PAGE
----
These inspiring stories help us think about the intentional practice of deep listening. How can listening promote respect, justice, equity, and ownership?
We’ve been thinking about listening.
Why should museums make listening a core practice — especially in communities with rapidly shifting demographics?
In this Talk from last year’s National Innovation Summit for Arts and Culture, Janeen Bryant of Levine Museum of the New South addresses this question and talks about the power of listening to promote respect, justice, equity, and ownership.
Watching her Talk prompted us to ask: What does it take to be a good listener? How can you step back to authentically ask and seek the stories of those outside your organization?
We took a look at our Innovation Stories collection and found other examples of organizations that made intentional space for deep listening, and learned how it can be transformative.
We came across three other stories about listening from Cleveland Public Theatre, McColl Center for Art + Innovation, and Portland Art Museum. Check them out below:
2. Teatro Publico de Cleveland Cleveland Public Theatre
We just recently posted this story about how Cleveland Public Theatre and members of the Latino community formed Teatro Publico de Cleveland, an amateur ensemble theater company that created space for meaningful dialogue and new, powerful performances.
We are inspired by how CPT made the intentional move to halt its common practices and really listen to its neighboring community. In this ongoing project, deep listening laid the foundation for fostering relationships among people who had not worked together before, and defied the view that cross-cultural work is always tokenizing or marginal.
3. Artist-led Ecosystem Interventions Lisa Hoffman
The Charlotte, NC-based McColl Center for Art + Innovation has a four-pronged framework that values: art, science, education, community. In her Summit Talk, Lisa Hoffman shares how the organization and its artists-in-residence center their work on building trusting, culturally responsive relationships with community members to serve their needs and address environmental legacies.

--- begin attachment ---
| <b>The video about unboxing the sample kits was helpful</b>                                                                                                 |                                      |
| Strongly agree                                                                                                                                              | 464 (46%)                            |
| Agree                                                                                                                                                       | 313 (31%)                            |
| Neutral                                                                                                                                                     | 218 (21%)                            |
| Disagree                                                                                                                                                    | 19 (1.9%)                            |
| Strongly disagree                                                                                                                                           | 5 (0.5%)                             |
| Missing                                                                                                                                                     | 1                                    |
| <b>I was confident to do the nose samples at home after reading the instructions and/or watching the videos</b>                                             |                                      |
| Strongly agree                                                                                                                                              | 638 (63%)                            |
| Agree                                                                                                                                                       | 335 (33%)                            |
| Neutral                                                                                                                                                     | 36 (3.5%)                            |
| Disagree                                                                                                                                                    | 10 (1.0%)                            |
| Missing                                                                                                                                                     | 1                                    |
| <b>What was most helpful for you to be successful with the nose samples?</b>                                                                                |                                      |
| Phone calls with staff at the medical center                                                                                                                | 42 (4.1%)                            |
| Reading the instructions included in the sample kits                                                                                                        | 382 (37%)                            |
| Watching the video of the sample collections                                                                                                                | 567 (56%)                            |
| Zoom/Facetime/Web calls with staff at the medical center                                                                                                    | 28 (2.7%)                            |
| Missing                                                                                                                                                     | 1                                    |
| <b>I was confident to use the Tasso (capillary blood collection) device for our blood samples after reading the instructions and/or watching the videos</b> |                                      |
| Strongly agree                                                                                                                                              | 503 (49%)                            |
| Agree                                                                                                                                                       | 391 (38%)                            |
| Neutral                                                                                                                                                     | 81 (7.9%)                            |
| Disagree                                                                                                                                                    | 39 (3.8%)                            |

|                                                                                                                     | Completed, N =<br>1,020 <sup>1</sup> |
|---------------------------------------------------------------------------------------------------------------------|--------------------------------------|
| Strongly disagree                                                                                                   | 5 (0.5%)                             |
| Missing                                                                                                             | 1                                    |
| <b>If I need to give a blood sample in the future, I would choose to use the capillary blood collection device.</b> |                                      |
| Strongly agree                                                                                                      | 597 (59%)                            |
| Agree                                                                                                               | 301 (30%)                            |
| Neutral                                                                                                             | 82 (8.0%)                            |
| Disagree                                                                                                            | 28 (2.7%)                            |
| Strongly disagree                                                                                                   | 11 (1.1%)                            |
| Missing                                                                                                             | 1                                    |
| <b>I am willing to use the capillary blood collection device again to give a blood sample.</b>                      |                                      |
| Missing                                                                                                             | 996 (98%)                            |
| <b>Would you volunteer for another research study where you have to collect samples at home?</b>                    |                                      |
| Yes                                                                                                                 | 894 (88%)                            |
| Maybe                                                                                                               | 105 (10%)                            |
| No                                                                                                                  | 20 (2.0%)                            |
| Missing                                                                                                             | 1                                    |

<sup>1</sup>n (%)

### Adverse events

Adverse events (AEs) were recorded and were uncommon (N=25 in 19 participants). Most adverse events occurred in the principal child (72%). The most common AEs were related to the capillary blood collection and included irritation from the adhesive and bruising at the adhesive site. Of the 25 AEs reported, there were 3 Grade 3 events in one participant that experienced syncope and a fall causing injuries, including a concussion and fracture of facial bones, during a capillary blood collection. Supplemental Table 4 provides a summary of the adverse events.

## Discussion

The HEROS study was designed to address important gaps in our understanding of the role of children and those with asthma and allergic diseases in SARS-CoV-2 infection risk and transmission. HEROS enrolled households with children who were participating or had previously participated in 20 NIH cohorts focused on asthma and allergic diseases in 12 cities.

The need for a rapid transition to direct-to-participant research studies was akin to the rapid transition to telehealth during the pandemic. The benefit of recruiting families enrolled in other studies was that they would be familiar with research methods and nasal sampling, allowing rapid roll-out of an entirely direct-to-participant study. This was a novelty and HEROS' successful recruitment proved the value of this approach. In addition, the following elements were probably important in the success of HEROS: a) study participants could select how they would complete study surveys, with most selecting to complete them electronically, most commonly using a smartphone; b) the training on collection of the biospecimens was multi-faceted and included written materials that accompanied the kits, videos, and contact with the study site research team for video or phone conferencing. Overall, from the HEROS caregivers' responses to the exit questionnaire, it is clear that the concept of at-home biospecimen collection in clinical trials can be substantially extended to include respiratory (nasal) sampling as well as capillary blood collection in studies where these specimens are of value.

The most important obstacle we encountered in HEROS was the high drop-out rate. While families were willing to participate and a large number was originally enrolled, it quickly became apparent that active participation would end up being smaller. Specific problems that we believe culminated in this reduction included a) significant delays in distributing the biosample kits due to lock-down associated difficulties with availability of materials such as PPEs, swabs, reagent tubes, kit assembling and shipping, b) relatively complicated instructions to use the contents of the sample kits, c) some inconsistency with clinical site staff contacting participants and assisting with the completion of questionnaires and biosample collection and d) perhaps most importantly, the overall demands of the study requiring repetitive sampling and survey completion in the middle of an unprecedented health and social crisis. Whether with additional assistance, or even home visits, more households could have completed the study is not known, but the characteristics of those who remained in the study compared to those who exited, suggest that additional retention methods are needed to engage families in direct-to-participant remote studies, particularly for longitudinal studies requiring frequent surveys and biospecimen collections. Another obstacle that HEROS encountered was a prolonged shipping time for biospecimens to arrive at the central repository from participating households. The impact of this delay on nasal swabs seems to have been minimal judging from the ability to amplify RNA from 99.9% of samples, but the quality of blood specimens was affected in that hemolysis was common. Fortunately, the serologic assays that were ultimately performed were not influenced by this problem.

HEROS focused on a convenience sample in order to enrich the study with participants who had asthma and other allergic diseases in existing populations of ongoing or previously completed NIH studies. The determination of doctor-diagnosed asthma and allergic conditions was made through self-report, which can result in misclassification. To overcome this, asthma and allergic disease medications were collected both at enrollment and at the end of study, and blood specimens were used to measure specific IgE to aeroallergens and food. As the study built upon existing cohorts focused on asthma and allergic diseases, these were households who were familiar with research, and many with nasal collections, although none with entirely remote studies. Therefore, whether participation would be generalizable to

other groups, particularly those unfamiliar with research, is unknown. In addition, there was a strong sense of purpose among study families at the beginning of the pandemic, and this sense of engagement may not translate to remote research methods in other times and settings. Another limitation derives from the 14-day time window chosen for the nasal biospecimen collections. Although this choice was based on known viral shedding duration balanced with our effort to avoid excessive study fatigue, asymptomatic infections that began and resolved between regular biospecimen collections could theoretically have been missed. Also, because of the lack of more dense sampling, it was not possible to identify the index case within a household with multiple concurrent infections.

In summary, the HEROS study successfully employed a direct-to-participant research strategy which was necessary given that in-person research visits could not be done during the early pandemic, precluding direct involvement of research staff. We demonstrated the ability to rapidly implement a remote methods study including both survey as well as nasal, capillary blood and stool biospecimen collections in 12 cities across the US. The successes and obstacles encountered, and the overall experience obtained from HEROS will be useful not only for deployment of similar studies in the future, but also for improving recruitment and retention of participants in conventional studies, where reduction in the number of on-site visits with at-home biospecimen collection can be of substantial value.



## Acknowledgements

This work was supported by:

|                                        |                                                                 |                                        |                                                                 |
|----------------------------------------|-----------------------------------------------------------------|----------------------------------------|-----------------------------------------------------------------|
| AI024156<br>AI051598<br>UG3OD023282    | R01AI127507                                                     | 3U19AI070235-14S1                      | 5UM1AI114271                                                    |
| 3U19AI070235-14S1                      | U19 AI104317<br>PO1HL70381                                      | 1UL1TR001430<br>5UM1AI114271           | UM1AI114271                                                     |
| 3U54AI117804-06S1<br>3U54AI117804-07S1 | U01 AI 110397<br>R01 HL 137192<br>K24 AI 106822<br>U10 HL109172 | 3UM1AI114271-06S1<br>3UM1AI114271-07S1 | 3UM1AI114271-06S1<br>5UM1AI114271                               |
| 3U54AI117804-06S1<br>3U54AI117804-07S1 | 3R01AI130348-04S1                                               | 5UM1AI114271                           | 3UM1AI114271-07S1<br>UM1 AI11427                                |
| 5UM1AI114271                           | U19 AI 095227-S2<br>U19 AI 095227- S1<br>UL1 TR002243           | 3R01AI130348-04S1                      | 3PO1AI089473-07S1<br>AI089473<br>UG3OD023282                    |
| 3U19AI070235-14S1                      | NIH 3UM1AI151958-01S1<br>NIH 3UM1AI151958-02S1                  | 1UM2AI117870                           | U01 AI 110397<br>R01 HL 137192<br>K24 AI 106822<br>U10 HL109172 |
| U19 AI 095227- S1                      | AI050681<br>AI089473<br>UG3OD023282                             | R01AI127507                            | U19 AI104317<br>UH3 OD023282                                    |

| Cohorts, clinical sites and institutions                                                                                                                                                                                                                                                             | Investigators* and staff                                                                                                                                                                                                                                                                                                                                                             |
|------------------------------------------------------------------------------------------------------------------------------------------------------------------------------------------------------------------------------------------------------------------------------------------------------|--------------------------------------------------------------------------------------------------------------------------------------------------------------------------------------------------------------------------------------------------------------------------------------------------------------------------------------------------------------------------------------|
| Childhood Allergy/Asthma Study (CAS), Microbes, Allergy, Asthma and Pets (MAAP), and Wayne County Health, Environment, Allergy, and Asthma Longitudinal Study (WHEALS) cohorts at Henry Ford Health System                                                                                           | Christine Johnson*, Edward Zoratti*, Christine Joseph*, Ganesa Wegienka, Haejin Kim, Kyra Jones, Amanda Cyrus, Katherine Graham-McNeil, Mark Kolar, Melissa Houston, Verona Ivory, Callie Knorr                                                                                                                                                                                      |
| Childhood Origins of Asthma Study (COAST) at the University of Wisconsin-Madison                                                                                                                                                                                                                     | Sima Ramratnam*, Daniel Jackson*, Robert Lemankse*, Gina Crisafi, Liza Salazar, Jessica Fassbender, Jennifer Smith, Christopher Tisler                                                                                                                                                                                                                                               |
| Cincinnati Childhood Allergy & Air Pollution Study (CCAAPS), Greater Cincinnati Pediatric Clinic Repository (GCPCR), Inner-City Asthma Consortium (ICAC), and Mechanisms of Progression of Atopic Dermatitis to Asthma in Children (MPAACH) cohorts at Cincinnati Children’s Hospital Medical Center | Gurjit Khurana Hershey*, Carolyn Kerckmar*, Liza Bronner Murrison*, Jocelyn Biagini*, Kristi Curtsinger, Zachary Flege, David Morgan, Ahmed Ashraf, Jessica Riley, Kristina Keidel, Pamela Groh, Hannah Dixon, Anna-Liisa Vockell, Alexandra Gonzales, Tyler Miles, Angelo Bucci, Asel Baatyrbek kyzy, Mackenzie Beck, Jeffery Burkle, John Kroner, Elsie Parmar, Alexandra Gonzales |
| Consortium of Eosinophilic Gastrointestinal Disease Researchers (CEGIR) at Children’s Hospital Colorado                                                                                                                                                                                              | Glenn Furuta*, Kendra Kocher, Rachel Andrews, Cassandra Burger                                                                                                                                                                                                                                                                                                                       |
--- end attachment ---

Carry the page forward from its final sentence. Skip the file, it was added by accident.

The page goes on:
Why is it necessary to build relationships between art, the environment, education, and community? Why must artists/organizations engaging in social/civically engaged practice check themselves in their own approach to community relationships? Why is it important to build trust and recognize a vibrant, unique community for the cultural asset that it is — through authentic listening?
4. Object Stories Portland Art Museum
Launched in March 2010, Object Stories invites Portland Art Museum (PAM) visitors to record their own narratives about personal objects—whether a piece of clothing, a cherished record album, or a family heirloom. By capturing, honoring, and sharing participants’ stories, this project aims to demystify the Museum, making it more accessible, welcoming, and meaningful to a greater diversity of communities – while continuing to highlight the inherent relationship between people and things.
Current visitors to the Object Stories gallery encounter a recording booth, where they can leave their own story, as well as a central table with two touchscreens that enable them to browse, search, and listen to hundreds of collected stories about personal objects and works from the collection. Object Stories’ interactivity is based off of the concept that visitors’ stories are worth collecting; that visitors should be listened to. PAM flips the expectations of museums as presenters and instead, creates the platform for listening with and between community members.
How does your organization practice listening as a way to build and strengthen relationships, evolve your internal organizational culture, and open new doors for engagement? What would change at your organization if you intentionally made the space to deeply listen? We encourage you to share your own stories about the process of listening with us.